There are wars, there are battles – and plenty of analogies are made about both.
Last week, PXG fired the first shot in what could prove to be a lengthy war when it filed suit in Federal court alleging multiple (eight to be specific) cases of patent infringements by TaylorMade, specific to its just-released P790 irons.
The first battle was won by TaylorMade late yesterday, when PXG’s request for a temporary restraining order to halt the sales of P790 irons, was denied by Judge John J. Tuchi in Arizona District Court. The decision means that TaylorMade P790 Iron sales will continue at least until November when the court will hear PXG’s request for a preliminary injunction.
While not unexpected, the result isn’t what PXG desired. The company has yet to comment publicly on the case, while TaylorMade was quick to celebrate its victory. The official statement from TaylorMade reads in part:
“While TaylorMade respects the intellectual property rights of others, we will always defend ourselves vigorously when someone falsely accuses us of infringement. Our victory in court today reaffirms our confidence in our products and technologies and reinforces the excitement and momentum we are experiencing with our P790 irons to date.”
Thus far, PXG has declined to offer a comment.
A second battle is taking shape between PXG and TaylorMade’s largest retail partners. On Friday, PXG filed a similar complaint against the four largest golf retailers in the United States (PGA Superstore, Golf Galaxy, Dick’s Sporting Goods and Worldwide Golf). PXG’s position is that by selling TaylorMade’s P790, those retailers are doing irreparable harm to PXG’s business – again based on PXG’s assertion that the P790 infringes on its patents.
By suing retailers, PXG is taking the road less traveled, but it is a road other have taken with some success. Strategically, the move might make sense, although it’s certain to draw the ire of the retail chains targeted, and likely the mainstream wing of the industry as a whole. The reality is these chains won’t ever be part of PXG’s business plan, so there’s no risk of PXG losing sales directly, and we suspect that PXG Founder, Bob Parsons, doesn’t much care what his competitors think.
It should be mentioned that custom fitters who carry both TaylorMade and PXG have, as of yet, not been served with a complaint.
Patent infringements are germane to the manufacturer of the product and include those who distribute and use the product in question. As a result, retailers must decide whether to sell the P790 irons and assume potentially significant legal, financial risk or pull the product and allow what could be a lengthy legal process, to play out. Should retailers hold the product en masse, the net effect won’t be appreciably different than had PXG’s TRO request been granted in the first place.
I suspect TaylorMade has spent a good bit of the last 24 hours fielding phone calls and making assurances.
The Court of Public Opinion
No doubt, this issue will continue to divide passionate consumers on either side with some feeling this validates TaylorMade’s claims of a revolutionary technology on-par or better than the higher priced PXG offering, while others are behind the smaller, but well-heeled company willing to defend itself against a big OEM in transition looking to find its footing after losing its position as the #1 equipment company in golf.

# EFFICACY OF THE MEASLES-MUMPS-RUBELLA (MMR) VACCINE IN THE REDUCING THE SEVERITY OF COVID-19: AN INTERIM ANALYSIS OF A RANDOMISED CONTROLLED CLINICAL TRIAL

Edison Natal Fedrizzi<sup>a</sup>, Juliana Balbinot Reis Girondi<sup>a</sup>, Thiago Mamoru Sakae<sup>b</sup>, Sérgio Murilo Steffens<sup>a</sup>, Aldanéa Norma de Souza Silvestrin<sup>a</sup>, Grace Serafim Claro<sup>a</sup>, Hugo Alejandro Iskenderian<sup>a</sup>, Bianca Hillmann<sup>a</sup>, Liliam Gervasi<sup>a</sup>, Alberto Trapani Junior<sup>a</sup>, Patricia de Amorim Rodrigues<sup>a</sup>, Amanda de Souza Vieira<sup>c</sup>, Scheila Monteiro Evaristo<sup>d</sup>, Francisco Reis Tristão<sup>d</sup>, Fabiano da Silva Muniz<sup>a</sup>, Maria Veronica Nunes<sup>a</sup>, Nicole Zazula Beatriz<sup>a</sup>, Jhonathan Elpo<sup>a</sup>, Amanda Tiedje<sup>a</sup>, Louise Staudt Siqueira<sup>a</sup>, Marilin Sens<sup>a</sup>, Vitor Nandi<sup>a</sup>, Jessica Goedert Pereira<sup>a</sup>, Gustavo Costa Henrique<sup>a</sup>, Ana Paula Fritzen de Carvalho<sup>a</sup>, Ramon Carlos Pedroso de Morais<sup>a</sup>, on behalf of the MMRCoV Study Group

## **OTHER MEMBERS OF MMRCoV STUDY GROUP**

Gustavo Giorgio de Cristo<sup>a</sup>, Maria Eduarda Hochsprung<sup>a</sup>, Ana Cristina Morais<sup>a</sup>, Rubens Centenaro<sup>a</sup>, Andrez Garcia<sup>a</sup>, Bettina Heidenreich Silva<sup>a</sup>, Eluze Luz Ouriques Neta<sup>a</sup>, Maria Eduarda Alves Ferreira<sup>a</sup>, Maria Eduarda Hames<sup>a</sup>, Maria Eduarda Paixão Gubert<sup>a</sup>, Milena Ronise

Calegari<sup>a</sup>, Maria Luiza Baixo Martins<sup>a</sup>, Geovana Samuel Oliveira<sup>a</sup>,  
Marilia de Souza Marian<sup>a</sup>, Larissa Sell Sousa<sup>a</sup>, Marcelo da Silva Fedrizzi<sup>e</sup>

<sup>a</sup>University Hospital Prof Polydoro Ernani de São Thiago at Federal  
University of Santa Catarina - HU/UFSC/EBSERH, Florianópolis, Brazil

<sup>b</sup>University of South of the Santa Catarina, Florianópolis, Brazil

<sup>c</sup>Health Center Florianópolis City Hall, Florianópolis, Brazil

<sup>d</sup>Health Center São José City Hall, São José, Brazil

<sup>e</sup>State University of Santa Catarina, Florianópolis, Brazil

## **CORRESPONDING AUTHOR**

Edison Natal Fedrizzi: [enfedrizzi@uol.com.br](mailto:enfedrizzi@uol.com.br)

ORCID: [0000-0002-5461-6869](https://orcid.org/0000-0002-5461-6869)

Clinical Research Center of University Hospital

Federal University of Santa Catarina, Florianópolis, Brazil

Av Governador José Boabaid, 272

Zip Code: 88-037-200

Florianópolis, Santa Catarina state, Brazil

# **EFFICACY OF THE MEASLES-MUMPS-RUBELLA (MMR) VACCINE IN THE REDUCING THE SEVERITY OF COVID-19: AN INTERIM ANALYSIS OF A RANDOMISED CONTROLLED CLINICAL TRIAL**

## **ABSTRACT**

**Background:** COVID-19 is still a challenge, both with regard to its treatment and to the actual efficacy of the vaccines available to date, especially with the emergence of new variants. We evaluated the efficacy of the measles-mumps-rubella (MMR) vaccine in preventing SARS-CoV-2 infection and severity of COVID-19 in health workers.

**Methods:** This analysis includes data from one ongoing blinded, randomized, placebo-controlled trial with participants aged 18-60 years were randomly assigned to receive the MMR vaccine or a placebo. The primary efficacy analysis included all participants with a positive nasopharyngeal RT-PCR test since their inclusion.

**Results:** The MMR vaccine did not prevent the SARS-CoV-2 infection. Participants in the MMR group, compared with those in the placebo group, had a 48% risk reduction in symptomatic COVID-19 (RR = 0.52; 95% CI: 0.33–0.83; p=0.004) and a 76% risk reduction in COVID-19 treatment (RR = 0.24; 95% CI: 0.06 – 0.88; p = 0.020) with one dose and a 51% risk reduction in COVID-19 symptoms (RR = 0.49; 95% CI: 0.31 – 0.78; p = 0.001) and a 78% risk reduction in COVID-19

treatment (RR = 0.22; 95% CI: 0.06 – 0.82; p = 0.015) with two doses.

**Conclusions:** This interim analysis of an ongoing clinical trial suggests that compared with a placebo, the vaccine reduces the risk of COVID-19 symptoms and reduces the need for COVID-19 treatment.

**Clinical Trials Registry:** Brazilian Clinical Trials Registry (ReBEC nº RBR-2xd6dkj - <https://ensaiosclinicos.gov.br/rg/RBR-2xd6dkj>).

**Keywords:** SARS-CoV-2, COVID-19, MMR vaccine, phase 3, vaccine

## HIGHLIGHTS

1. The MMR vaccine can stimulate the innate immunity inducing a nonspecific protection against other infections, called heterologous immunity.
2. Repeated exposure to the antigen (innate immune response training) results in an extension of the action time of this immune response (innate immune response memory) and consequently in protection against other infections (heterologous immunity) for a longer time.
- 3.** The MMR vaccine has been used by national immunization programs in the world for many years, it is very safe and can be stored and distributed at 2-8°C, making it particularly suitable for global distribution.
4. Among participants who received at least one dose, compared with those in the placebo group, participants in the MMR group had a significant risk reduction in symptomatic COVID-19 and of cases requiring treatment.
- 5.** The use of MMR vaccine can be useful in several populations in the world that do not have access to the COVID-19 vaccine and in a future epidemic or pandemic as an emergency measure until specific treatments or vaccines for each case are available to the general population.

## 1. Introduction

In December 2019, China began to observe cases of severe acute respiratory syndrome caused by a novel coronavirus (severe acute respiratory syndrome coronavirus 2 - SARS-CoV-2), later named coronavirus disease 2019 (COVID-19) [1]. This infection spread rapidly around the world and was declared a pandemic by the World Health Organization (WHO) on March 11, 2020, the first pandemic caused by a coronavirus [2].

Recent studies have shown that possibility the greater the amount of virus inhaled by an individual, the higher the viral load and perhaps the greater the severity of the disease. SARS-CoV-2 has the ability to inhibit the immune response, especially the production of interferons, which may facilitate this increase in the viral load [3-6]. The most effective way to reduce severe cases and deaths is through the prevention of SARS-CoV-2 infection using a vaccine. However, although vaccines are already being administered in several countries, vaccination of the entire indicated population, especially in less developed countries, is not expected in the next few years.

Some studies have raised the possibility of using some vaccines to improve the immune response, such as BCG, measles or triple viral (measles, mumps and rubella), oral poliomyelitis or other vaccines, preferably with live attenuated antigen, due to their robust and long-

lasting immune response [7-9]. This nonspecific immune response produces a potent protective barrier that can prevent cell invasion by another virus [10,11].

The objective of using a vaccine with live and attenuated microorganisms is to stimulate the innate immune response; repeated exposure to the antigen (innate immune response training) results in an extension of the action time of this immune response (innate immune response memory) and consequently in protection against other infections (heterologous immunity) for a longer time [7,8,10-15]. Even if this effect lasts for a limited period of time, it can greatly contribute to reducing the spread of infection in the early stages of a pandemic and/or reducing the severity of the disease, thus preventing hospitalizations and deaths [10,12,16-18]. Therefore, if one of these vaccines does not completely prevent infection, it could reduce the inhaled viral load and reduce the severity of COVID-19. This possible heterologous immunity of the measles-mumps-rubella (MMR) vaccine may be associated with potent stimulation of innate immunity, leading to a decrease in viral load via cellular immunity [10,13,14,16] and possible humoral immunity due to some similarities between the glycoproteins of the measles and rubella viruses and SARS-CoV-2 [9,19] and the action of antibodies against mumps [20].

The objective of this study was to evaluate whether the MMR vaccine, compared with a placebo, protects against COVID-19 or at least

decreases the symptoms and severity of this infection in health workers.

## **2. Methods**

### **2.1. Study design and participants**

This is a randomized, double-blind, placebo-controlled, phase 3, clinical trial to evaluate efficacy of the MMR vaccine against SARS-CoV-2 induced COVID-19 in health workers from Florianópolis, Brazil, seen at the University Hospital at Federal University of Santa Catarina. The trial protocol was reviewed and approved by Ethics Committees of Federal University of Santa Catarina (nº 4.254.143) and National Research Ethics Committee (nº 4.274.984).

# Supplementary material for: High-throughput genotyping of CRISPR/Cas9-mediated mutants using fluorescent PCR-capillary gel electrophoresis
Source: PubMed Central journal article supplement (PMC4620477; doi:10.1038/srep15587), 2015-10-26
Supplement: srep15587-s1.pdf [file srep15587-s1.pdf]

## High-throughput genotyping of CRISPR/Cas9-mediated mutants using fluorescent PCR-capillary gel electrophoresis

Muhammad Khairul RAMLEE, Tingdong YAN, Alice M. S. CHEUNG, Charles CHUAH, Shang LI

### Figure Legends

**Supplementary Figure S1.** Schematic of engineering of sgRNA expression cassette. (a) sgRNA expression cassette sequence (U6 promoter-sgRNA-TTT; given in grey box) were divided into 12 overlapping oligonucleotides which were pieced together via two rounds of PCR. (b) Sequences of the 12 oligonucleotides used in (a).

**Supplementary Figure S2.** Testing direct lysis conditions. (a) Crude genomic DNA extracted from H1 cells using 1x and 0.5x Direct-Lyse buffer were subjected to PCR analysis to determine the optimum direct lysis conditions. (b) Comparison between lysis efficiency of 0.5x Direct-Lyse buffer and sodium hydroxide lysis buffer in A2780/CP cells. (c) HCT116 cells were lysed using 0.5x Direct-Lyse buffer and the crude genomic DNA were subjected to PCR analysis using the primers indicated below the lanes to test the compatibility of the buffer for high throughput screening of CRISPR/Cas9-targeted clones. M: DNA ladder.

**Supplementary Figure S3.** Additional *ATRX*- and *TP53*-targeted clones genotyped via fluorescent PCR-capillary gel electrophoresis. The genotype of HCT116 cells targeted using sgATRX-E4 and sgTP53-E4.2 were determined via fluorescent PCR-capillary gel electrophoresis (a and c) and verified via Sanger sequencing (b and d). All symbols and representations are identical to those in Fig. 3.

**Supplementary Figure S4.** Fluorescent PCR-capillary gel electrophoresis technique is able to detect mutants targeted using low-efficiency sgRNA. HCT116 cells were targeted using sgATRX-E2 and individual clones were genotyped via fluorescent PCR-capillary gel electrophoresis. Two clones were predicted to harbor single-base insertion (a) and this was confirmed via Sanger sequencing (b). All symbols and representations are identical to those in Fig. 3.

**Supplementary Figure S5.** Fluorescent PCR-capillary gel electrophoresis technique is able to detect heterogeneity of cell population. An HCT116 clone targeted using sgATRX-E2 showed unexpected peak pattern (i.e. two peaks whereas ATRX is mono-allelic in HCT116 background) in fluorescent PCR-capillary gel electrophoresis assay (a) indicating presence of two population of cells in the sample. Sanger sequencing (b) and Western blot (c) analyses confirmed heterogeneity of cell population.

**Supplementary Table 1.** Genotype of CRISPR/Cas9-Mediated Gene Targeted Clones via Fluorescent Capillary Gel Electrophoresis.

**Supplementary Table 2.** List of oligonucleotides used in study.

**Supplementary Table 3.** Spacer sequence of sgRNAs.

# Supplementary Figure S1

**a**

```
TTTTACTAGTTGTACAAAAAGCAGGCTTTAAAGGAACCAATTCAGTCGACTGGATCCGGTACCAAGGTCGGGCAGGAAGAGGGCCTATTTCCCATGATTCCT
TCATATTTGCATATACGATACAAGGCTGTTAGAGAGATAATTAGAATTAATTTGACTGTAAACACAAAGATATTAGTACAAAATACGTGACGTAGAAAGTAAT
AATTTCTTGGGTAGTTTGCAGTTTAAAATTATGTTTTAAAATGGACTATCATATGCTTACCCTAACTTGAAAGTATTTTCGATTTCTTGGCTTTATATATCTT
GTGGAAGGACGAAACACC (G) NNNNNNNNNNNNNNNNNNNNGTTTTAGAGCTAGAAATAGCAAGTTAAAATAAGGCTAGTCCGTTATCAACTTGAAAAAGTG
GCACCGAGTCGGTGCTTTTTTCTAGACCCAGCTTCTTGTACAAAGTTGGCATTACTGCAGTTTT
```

For whatever it’s worth, count Callaway representatives among those happy to watch as the war progresses slowly along. Senior VP of Marketing and Brand Management, Harry Arnett, tweeted, “The more they slap fight each other, the more consumers buy Apex.”
The salient point is with fall product hitting shelves and more on the way, TaylorMade can’t afford to lose out on sales of what should prove to be one of its top-sellers. Worse still if those lost sales result in gains by the category leader, Callaway.
That could prove to be wishful thinking as the litigation itself has undoubtedly raised awareness of the P790. The lawsuit helps position it on level-footing with PXG’s premium-priced offering, and I suspect interest will be higher for it. Ire of retailers and the larger industry aside, the suit is also helping to raise awareness of the PXG brand by positioning its technology as so innovative that one the biggest names in golf needed to copy it (allegedly) to compete.
There’s enough upside for both brands here that a conspiracy theorist might believe they’re in this together.
While we wait for the legal process to play out, the court of public opinion won’t be short on judgment. Industry insiders who have seen cases like this play out before, to a man, have told us that they don’t believe PXG has much of a chance of winning. A patent lawyer with extensive experience in the golf industry echoed similar sentiment suggesting that while anything is possible, it is unlikely PXG will prevail.
Consumers are taking sides as well, but unless that translates to direct sales for one brand or the other, it won’t much matter.
TaylorMade can claim victory in the first of what is likely many battles to come. While we wait to see what happens next, I’ll leave you with this:
It’s estimated that only 30% of patents would stand up to the scrutiny of a challenge. As one of our sources told us, “it’s [the patent system] designed by the lawyers, for the lawyers, so that’s who wins in the end.”
You can take that to the bank.